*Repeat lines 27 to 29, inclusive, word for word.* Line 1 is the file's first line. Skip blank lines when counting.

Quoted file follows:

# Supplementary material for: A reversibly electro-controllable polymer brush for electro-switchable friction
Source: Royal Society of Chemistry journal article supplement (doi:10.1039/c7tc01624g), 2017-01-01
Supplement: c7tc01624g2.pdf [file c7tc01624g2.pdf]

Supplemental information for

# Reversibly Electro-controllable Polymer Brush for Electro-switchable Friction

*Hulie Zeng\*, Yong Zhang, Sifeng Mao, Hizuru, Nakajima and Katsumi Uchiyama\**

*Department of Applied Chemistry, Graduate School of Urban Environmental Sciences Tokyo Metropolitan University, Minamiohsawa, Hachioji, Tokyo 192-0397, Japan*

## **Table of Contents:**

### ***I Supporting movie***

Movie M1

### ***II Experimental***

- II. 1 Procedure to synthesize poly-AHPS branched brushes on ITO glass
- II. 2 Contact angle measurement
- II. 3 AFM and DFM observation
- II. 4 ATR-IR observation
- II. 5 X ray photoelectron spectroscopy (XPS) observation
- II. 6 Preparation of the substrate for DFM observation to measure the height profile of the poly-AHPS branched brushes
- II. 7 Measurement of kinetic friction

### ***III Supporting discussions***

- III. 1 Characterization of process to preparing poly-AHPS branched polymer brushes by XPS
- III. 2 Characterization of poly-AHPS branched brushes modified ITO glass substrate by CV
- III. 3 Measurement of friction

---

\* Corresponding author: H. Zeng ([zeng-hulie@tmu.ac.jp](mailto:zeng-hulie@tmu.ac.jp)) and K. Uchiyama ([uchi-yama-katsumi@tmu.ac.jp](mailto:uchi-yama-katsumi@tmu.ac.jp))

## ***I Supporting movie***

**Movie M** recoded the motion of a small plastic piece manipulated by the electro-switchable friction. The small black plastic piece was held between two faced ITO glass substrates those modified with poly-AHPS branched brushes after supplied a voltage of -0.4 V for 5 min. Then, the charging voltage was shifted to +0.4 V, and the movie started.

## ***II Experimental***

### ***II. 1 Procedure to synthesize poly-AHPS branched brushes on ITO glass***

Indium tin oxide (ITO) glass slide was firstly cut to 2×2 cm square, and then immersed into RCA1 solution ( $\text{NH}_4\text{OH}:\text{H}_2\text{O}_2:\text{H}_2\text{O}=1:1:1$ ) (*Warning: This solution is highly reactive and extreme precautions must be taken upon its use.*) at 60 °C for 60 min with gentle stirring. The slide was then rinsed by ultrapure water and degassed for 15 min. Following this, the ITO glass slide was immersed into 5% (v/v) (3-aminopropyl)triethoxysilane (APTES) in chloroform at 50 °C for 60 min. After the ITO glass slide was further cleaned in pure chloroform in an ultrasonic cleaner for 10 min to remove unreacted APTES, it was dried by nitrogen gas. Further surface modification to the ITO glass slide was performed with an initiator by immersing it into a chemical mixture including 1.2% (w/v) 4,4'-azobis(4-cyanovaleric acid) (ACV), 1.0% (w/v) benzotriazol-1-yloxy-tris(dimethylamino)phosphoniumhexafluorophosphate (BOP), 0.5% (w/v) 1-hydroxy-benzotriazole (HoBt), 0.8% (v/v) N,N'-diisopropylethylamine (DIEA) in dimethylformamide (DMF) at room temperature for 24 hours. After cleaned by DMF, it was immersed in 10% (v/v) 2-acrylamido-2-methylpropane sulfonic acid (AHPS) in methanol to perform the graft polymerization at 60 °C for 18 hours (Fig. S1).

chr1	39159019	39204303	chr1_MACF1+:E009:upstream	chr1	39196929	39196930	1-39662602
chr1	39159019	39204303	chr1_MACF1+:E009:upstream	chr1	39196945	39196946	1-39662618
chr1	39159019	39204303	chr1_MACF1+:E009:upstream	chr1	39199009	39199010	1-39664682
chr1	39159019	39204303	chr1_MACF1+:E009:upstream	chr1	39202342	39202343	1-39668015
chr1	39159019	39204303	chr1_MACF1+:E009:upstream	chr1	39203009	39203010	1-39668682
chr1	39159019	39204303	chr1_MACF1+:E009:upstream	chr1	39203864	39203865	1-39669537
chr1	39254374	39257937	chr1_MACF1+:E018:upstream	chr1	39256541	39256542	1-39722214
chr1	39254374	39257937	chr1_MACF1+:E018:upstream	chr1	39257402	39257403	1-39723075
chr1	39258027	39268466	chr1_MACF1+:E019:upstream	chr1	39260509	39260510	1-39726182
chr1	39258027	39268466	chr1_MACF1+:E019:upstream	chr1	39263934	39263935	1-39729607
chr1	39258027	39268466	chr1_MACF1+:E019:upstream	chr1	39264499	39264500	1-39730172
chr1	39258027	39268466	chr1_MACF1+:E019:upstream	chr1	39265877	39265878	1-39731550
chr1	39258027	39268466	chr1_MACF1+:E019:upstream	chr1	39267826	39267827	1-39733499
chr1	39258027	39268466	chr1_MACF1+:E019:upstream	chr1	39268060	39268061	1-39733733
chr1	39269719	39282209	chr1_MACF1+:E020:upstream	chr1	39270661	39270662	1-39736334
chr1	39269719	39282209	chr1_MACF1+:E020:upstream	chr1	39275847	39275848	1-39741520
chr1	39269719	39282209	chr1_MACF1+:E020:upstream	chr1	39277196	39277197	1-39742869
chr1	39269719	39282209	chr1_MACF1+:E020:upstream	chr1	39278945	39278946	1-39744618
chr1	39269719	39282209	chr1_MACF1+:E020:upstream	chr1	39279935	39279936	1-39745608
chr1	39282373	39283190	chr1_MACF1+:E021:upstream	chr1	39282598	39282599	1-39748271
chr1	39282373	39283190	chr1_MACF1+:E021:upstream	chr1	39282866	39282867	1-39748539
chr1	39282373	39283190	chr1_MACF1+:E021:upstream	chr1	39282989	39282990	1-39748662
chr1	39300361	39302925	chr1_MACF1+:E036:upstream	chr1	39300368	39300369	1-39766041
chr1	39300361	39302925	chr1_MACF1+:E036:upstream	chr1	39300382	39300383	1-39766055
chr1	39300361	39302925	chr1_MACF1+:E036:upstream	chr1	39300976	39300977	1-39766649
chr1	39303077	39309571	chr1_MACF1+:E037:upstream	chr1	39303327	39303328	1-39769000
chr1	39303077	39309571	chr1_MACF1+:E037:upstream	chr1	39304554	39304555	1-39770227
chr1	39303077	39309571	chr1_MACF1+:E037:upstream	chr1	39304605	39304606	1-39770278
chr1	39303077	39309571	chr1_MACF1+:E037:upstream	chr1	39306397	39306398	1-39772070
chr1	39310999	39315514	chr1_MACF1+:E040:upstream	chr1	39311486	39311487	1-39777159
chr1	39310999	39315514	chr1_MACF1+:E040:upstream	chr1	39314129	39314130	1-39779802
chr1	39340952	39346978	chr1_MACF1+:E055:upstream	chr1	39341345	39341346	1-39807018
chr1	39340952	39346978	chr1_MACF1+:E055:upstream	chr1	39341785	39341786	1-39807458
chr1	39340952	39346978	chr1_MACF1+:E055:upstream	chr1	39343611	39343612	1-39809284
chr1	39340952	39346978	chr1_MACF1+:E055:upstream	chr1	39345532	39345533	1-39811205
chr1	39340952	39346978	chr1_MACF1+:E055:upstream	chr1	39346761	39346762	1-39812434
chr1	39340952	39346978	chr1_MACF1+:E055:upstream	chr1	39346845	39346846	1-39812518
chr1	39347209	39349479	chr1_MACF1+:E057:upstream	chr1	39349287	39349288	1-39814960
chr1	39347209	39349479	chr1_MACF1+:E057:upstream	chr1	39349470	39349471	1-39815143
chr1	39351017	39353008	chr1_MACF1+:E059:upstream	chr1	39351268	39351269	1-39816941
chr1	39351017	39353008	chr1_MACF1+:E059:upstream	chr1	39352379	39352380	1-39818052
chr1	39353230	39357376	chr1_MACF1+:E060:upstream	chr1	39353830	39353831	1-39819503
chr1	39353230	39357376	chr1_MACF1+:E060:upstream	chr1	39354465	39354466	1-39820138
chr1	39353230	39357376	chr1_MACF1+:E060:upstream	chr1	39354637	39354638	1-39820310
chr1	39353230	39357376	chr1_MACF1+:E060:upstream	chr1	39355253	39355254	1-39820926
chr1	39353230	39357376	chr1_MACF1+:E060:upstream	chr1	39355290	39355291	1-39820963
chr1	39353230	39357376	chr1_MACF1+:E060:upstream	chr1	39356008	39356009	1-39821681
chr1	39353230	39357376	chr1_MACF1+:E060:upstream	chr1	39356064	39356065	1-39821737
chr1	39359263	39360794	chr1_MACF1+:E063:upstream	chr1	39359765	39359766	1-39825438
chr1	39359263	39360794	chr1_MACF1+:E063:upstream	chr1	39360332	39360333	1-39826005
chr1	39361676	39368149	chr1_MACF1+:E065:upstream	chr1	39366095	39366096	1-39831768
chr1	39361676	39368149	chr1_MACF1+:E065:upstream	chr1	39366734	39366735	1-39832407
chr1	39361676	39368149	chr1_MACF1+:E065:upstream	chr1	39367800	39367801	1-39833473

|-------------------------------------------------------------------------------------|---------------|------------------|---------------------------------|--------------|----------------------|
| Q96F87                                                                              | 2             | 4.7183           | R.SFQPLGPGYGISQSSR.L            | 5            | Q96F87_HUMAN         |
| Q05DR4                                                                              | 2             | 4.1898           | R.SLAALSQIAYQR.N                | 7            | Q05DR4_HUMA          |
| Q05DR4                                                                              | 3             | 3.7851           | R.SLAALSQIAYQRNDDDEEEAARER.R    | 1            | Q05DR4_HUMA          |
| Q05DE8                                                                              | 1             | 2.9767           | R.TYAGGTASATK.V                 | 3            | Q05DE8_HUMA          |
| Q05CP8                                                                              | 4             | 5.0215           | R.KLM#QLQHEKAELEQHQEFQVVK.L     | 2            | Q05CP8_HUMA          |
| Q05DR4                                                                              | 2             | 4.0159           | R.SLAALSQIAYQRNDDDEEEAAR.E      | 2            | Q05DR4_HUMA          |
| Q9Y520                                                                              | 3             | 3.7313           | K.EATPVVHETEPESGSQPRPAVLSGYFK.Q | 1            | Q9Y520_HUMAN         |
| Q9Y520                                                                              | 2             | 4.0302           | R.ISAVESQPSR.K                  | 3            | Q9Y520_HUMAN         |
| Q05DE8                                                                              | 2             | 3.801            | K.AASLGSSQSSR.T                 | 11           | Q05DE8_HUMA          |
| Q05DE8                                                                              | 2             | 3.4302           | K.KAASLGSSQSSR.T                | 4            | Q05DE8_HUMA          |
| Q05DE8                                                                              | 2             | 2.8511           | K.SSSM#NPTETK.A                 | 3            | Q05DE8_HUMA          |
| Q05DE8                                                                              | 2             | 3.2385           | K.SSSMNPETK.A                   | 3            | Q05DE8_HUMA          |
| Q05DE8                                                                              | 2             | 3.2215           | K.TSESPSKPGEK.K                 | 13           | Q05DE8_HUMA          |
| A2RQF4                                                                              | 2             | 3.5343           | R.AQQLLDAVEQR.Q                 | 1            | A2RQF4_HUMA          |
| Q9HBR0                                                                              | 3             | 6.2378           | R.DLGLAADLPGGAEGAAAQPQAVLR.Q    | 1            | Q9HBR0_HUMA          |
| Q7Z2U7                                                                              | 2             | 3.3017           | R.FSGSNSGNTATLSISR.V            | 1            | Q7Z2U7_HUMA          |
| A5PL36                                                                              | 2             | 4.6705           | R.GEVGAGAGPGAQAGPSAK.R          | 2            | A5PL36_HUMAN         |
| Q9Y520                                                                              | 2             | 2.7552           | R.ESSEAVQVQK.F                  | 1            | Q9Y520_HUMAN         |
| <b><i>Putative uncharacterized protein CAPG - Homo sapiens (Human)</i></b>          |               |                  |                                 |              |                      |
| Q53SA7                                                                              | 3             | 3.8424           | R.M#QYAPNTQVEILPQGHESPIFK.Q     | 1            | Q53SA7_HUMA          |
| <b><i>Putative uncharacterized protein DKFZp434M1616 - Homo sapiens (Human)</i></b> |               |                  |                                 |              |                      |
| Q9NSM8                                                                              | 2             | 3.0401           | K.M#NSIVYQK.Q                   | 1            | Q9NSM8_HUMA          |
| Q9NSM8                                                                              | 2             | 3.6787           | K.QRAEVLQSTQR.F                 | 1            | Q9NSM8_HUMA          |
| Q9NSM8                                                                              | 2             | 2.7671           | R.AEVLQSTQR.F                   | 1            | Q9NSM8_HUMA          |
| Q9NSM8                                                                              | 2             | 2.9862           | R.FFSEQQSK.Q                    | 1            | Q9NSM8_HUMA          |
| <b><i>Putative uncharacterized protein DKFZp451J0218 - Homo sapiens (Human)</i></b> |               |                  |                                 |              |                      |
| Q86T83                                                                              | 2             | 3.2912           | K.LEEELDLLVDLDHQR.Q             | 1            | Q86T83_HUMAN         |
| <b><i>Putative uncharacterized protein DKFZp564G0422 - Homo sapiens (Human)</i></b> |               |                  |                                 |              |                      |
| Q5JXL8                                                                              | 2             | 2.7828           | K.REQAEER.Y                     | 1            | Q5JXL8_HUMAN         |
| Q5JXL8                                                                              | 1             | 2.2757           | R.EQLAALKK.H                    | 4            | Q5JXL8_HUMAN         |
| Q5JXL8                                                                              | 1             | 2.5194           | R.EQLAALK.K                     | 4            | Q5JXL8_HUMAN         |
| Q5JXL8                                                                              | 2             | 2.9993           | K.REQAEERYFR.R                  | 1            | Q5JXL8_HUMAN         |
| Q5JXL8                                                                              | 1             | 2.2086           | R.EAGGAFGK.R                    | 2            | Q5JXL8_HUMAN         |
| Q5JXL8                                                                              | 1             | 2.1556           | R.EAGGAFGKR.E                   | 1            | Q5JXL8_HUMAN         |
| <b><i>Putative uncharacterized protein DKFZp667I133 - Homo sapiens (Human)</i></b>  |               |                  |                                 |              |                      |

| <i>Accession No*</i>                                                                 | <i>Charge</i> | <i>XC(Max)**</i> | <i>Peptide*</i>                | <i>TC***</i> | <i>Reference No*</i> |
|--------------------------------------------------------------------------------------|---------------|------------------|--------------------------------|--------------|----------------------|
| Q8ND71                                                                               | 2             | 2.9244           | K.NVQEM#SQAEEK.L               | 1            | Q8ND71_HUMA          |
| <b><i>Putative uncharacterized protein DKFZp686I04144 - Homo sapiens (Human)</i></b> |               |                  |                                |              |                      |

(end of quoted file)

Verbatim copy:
## ***II Experimental***

### ***II. 1 Procedure to synthesize poly-AHPS branched brushes on ITO glass***

Indium tin oxide (ITO) glass slide was firstly cut to 2×2 cm square, and then immersed into RCA1 solution ( $\text{NH}_4\text{OH}:\text{H}_2\text{O}_2:\text{H}_2\text{O}=1:1:1$ ) (*Warning: This solution is highly reactive and extreme precautions must be taken upon its use.*) at 60 °C for 60 min with gentle stirring. The slide was then rinsed by ultrapure water and degassed for 15 min. Following this, the ITO glass slide was immersed into 5% (v/v) (3-aminopropyl)triethoxysilane (APTES) in chloroform at 50 °C for 60 min. After the ITO glass slide was further cleaned in pure chloroform in an ultrasonic cleaner for 10 min to remove unreacted APTES, it was dried by nitrogen gas. Further surface modification to the ITO glass slide was performed with an initiator by immersing it into a chemical mixture including 1.2% (w/v) 4,4'-azobis(4-cyanovaleric acid) (ACV), 1.0% (w/v) benzotriazol-1-yloxy-tris(dimethylamino)phosphoniumhexafluorophosphate (BOP), 0.5% (w/v) 1-hydroxy-benzotriazole (HoBt), 0.8% (v/v) N,N'-diisopropylethylamine (DIEA) in dimethylformamide (DMF) at room temperature for 24 hours. After cleaned by DMF, it was immersed in 10% (v/v) 2-acrylamido-2-methylpropane sulfonic acid (AHPS) in methanol to perform the graft polymerization at 60 °C for 18 hours (Fig. S1).